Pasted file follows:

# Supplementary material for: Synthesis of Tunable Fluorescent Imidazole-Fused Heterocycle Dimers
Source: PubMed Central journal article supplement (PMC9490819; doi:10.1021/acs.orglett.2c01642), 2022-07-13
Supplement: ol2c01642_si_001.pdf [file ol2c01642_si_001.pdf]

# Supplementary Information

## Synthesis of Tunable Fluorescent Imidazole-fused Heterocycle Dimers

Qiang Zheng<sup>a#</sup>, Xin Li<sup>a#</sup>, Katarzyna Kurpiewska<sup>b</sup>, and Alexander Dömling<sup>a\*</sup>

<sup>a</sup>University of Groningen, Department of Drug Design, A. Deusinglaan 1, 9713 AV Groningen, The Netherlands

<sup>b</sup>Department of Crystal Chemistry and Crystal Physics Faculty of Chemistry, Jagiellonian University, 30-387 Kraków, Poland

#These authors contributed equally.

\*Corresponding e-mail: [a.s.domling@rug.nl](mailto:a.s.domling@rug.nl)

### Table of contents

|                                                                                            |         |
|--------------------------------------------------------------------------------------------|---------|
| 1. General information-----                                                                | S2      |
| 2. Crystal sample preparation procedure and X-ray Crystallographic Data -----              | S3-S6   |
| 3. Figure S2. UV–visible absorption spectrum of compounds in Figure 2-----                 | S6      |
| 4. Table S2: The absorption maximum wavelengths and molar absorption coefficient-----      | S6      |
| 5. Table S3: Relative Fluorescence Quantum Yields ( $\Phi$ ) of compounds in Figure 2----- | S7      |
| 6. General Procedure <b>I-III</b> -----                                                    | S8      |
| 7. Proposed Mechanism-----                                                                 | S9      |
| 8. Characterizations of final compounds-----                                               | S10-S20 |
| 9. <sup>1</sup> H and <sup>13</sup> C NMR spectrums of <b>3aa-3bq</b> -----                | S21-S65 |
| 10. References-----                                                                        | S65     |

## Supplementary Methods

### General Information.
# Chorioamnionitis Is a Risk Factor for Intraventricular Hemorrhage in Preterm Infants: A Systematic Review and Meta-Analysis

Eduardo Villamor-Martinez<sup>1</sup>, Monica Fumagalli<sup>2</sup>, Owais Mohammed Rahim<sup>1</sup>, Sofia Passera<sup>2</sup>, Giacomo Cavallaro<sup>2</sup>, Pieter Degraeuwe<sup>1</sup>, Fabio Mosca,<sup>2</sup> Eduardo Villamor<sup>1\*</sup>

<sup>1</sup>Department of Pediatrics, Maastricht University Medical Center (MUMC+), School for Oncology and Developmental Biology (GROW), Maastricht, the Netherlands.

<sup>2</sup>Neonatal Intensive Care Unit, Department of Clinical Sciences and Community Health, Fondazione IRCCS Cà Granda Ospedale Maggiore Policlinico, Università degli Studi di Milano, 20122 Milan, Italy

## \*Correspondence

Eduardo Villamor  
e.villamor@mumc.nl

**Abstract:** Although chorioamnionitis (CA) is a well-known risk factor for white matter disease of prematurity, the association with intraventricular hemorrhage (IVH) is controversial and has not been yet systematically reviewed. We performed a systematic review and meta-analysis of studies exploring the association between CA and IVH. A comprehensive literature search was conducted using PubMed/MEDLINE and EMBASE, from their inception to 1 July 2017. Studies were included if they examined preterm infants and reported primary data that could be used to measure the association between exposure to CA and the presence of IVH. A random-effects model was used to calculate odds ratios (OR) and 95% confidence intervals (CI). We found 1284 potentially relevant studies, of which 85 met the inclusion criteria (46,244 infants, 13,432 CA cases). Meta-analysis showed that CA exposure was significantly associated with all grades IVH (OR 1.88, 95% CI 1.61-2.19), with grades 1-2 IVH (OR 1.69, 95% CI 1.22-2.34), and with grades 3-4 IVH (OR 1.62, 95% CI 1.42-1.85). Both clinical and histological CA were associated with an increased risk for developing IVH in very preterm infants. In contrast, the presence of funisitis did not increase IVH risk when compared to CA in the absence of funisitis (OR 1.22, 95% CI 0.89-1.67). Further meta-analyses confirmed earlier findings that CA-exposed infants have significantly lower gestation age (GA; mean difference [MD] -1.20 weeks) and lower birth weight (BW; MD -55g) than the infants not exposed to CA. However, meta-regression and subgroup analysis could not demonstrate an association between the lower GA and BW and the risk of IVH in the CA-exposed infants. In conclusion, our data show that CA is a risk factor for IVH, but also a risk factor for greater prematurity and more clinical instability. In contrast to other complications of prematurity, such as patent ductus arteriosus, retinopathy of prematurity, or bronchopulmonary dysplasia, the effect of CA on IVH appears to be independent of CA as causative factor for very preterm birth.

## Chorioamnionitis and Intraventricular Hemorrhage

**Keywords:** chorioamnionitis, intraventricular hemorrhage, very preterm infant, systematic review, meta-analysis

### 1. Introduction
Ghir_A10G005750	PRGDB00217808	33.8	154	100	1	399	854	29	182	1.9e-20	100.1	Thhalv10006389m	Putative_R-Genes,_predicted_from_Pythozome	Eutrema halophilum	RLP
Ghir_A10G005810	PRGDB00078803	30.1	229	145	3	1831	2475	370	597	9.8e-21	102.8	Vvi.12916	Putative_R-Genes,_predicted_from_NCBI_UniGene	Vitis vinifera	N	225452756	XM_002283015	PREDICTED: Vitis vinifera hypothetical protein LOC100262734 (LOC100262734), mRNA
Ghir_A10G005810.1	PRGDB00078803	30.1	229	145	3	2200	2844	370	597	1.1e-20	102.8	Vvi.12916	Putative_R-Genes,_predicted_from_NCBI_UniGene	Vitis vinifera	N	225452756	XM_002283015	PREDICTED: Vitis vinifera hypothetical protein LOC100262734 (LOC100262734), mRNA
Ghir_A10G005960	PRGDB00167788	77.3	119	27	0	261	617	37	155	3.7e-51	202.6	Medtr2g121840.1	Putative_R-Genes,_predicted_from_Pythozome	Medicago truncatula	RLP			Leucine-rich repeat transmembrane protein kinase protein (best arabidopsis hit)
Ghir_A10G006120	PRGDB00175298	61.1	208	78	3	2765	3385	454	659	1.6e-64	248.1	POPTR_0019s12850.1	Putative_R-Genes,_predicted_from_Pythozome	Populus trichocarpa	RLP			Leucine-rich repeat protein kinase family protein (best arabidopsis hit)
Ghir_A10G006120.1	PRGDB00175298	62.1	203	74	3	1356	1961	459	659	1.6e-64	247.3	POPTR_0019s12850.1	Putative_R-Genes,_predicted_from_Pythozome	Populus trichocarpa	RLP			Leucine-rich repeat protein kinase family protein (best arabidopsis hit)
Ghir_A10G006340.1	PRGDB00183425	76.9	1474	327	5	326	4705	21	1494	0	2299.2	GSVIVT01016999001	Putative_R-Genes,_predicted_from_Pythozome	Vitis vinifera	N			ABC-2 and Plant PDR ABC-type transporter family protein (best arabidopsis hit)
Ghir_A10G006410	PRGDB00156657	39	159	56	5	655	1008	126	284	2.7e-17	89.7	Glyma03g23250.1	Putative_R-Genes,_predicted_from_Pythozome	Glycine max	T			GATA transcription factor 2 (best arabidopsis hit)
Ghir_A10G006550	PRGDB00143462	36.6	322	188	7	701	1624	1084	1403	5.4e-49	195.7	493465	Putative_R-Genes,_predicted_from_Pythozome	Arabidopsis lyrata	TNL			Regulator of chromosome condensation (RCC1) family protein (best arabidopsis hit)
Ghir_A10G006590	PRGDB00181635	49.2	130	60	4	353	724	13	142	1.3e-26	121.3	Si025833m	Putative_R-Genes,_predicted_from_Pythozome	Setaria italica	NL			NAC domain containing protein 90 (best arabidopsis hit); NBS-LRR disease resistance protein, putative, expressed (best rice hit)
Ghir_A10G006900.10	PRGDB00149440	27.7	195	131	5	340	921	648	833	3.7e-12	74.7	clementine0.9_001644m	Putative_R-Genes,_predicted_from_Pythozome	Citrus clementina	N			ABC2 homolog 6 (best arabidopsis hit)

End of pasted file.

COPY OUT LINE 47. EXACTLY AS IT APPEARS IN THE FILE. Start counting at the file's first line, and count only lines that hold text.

Ghir_A10G006900.10	PRGDB00149440	27.7	195	131	5	340	921	648	833	3.7e-12	74.7	clementine0.9_001644m	Putative_R-Genes,_predicted_from_Pythozome	Citrus clementina	N			ABC2 homolog 6 (best arabidopsis hit)